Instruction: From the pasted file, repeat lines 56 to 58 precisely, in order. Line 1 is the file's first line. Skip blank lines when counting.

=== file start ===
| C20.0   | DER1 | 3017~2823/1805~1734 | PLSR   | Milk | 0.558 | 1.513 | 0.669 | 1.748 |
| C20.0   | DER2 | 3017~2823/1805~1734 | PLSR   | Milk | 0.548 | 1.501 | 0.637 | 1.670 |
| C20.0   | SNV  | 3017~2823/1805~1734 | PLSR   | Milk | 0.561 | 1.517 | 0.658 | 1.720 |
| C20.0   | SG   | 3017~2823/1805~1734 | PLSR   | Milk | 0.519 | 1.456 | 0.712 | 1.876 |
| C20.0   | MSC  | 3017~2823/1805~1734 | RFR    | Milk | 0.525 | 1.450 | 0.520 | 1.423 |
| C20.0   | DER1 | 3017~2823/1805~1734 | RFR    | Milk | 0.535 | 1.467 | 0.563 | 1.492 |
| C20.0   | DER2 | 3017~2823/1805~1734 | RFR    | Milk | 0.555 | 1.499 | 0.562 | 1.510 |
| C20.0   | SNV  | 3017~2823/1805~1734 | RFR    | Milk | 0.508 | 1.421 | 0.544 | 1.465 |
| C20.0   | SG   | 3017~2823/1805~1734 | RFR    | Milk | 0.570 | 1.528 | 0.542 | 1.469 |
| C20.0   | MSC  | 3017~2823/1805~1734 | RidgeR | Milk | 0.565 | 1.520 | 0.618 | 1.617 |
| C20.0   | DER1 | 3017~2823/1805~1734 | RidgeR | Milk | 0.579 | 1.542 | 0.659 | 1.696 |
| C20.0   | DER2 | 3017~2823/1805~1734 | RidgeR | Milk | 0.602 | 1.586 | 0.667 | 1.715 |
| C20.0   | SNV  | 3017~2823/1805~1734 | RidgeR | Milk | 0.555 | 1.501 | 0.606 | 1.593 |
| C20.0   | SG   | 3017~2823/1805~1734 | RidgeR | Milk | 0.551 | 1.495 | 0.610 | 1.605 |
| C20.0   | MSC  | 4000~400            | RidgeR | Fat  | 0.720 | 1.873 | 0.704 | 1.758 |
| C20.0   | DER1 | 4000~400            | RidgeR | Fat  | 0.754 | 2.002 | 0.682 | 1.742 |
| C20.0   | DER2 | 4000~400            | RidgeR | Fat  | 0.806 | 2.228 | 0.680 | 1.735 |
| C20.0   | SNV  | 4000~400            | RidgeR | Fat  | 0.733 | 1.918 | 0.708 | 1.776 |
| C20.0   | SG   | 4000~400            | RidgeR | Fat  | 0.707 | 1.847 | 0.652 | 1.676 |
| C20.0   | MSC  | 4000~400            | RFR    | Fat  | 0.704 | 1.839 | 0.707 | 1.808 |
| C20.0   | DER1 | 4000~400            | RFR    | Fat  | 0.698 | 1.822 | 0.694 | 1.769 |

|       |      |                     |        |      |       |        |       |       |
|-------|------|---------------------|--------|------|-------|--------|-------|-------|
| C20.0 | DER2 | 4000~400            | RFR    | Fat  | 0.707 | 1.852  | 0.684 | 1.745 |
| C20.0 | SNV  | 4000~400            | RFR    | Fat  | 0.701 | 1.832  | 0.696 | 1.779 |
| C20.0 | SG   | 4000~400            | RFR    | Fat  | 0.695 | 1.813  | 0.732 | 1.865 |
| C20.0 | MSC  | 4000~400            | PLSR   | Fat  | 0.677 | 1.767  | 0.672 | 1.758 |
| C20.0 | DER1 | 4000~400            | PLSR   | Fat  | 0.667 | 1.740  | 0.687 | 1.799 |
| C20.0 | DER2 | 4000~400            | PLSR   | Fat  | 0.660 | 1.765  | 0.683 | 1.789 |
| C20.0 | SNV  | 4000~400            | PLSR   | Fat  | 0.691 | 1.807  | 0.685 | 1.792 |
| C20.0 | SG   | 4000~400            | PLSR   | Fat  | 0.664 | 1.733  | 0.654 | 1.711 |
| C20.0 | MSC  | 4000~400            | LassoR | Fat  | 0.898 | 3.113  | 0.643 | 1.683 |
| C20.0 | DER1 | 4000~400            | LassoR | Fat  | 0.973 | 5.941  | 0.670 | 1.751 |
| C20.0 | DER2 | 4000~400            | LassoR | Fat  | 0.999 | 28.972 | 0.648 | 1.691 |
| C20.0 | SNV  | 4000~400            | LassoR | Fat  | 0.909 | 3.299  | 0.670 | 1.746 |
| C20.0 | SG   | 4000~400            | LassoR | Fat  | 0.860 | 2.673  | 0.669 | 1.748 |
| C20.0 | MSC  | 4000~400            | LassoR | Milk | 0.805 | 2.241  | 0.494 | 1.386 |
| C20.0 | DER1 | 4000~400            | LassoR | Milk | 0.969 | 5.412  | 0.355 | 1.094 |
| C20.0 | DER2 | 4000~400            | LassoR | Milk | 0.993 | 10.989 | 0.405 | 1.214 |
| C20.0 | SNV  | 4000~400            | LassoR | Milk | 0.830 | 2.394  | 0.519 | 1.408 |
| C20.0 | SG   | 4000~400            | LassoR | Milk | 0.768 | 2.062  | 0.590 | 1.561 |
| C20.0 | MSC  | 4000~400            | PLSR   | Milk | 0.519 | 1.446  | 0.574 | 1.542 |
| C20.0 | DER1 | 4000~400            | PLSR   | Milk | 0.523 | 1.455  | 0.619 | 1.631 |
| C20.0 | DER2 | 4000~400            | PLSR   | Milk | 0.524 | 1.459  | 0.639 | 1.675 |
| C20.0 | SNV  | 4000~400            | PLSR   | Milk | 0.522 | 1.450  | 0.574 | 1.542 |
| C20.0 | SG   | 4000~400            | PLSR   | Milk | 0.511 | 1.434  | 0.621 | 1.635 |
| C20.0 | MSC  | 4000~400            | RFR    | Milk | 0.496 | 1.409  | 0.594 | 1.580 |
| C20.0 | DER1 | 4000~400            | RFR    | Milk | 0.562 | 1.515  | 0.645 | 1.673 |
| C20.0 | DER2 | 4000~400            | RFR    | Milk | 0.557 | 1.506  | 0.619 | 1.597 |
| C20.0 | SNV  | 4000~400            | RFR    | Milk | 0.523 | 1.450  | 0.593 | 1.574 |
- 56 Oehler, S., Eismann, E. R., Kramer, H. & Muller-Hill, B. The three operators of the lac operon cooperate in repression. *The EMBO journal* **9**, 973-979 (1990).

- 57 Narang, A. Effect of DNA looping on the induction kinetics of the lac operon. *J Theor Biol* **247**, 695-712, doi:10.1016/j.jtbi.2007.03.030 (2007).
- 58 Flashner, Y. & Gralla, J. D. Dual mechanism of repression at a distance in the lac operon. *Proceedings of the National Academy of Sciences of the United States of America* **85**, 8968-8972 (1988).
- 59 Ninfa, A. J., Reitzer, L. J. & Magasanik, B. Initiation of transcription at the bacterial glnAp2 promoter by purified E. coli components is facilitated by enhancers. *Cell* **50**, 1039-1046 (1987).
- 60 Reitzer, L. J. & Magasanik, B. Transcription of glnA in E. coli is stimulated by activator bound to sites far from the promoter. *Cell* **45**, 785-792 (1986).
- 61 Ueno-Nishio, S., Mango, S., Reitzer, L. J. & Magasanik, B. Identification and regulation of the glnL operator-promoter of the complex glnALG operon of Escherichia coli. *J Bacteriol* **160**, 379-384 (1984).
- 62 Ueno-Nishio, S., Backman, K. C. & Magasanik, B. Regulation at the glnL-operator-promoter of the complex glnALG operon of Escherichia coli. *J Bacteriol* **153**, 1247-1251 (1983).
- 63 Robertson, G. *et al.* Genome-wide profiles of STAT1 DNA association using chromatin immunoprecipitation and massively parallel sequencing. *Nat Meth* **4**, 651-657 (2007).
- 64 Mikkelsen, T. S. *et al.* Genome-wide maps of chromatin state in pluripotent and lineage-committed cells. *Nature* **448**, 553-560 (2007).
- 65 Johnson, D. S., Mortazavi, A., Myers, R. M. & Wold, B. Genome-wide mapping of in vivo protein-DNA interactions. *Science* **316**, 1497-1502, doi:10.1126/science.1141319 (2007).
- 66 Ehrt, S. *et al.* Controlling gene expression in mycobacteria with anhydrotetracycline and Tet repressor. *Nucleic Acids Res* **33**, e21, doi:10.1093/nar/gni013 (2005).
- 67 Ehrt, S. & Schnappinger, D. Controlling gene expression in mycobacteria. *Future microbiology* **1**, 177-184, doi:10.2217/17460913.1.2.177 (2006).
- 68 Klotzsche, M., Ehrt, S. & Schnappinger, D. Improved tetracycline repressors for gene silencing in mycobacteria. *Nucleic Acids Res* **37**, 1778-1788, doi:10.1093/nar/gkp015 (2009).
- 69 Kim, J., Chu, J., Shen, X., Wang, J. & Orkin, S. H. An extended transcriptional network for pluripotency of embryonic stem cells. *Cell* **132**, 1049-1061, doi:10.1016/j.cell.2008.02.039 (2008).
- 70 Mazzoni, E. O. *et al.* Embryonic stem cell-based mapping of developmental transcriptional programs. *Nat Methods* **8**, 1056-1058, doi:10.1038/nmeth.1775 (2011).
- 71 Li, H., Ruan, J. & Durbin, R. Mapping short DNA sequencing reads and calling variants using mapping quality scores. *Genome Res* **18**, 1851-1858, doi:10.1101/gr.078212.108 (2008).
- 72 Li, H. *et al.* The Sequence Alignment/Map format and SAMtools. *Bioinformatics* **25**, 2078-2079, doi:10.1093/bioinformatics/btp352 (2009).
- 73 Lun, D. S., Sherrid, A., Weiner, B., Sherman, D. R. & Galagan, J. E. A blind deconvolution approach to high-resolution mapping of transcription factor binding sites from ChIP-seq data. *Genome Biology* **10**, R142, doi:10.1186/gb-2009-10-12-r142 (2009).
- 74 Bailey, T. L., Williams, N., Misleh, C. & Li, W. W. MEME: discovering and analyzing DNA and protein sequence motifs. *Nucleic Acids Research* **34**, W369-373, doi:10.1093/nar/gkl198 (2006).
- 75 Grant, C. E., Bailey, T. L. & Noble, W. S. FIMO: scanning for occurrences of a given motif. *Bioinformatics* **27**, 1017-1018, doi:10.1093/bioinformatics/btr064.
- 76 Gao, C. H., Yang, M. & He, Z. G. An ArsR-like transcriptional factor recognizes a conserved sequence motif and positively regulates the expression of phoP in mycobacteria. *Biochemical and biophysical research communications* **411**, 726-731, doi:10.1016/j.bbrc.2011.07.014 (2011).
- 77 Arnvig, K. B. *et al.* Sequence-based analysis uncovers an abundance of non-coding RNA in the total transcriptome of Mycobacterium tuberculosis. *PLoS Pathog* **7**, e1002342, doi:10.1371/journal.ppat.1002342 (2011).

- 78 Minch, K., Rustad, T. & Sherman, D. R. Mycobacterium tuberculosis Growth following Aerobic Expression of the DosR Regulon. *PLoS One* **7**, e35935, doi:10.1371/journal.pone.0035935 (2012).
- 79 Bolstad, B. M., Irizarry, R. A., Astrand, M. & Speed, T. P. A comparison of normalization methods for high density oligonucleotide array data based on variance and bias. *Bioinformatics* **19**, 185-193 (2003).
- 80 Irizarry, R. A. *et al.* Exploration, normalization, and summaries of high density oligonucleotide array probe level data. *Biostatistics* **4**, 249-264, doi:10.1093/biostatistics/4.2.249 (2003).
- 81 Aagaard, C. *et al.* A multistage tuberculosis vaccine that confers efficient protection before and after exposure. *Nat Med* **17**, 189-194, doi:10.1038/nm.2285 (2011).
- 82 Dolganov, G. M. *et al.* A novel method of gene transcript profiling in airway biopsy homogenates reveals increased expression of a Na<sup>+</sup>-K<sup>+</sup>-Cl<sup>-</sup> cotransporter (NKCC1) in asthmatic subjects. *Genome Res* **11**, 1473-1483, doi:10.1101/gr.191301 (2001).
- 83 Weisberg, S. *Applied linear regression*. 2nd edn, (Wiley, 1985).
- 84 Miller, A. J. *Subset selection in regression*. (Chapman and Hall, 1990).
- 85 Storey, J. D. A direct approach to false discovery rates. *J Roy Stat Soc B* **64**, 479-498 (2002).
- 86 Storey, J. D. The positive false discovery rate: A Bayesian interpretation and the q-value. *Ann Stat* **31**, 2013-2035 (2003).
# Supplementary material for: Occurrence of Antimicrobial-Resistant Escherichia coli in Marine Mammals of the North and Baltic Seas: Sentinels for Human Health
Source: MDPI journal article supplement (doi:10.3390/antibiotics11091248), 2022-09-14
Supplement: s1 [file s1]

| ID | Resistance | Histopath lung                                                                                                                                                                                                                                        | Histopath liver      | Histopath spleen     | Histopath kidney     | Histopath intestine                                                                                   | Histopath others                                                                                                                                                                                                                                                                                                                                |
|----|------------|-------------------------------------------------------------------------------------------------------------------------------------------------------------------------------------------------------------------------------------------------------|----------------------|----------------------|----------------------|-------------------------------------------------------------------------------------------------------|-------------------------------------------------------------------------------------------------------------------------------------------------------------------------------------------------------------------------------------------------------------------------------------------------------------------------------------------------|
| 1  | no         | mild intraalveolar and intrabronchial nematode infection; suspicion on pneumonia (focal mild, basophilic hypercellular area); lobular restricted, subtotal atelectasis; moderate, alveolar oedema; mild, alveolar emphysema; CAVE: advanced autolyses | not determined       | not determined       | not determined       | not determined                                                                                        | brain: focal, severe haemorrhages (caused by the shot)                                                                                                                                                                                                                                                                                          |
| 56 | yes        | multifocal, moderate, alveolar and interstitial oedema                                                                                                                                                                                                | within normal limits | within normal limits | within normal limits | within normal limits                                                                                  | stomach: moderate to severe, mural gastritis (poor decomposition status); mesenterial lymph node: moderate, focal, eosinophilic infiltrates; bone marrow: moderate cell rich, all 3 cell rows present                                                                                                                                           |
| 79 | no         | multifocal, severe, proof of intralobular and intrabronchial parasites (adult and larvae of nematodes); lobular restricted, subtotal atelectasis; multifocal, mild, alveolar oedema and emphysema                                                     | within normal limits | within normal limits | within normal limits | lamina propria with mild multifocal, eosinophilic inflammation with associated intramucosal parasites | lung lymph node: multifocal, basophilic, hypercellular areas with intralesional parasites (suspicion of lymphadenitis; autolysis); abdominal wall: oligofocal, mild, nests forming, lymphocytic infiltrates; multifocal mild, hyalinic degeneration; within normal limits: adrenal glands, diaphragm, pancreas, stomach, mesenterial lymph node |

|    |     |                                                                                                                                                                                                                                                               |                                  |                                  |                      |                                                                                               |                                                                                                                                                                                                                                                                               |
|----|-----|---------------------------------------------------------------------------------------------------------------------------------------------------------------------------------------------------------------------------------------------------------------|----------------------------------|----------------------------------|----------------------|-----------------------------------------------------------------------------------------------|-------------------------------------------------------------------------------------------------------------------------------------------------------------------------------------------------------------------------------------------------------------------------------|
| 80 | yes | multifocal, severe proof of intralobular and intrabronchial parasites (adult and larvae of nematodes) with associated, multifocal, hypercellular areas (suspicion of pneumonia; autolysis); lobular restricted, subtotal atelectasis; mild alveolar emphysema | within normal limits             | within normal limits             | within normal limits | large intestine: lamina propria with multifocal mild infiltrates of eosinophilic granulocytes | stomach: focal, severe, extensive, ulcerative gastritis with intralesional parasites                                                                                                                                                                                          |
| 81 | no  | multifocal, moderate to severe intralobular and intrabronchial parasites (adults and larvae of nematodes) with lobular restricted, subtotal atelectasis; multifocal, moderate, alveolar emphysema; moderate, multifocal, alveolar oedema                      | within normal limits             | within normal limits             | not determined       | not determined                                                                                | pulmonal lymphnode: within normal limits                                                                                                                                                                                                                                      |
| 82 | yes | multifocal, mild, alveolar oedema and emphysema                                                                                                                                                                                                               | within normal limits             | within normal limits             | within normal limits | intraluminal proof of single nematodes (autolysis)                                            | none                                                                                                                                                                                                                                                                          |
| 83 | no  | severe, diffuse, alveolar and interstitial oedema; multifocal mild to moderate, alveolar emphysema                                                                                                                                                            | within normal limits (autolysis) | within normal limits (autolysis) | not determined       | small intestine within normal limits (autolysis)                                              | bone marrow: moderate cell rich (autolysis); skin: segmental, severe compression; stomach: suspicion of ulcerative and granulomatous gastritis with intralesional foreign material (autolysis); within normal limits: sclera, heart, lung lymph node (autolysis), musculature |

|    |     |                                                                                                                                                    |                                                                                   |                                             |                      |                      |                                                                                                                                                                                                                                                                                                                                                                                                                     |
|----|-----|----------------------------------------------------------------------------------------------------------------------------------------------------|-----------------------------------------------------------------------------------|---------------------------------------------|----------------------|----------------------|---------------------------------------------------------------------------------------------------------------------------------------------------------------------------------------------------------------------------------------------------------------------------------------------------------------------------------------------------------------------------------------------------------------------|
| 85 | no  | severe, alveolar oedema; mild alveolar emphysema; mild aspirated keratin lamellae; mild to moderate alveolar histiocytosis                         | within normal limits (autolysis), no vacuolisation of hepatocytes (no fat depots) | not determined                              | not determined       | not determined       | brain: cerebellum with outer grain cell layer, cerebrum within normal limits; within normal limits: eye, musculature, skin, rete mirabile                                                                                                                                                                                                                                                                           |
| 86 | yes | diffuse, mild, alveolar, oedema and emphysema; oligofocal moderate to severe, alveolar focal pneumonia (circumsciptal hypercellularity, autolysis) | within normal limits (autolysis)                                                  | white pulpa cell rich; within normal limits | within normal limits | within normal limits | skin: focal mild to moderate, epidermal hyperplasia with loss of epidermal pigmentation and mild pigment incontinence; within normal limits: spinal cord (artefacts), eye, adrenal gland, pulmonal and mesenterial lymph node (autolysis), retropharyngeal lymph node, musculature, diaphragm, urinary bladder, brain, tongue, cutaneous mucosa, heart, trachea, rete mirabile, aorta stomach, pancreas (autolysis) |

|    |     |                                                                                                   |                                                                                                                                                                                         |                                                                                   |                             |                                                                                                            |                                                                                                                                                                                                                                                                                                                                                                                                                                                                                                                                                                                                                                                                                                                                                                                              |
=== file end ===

- 61 Ueno-Nishio, S., Mango, S., Reitzer, L. J. & Magasanik, B. Identification and regulation of the glnL operator-promoter of the complex glnALG operon of Escherichia coli. *J Bacteriol* **160**, 379-384 (1984).
- 62 Ueno-Nishio, S., Backman, K. C. & Magasanik, B. Regulation at the glnL-operator-promoter of the complex glnALG operon of Escherichia coli. *J Bacteriol* **153**, 1247-1251 (1983).
- 63 Robertson, G. *et al.* Genome-wide profiles of STAT1 DNA association using chromatin immunoprecipitation and massively parallel sequencing. *Nat Meth* **4**, 651-657 (2007).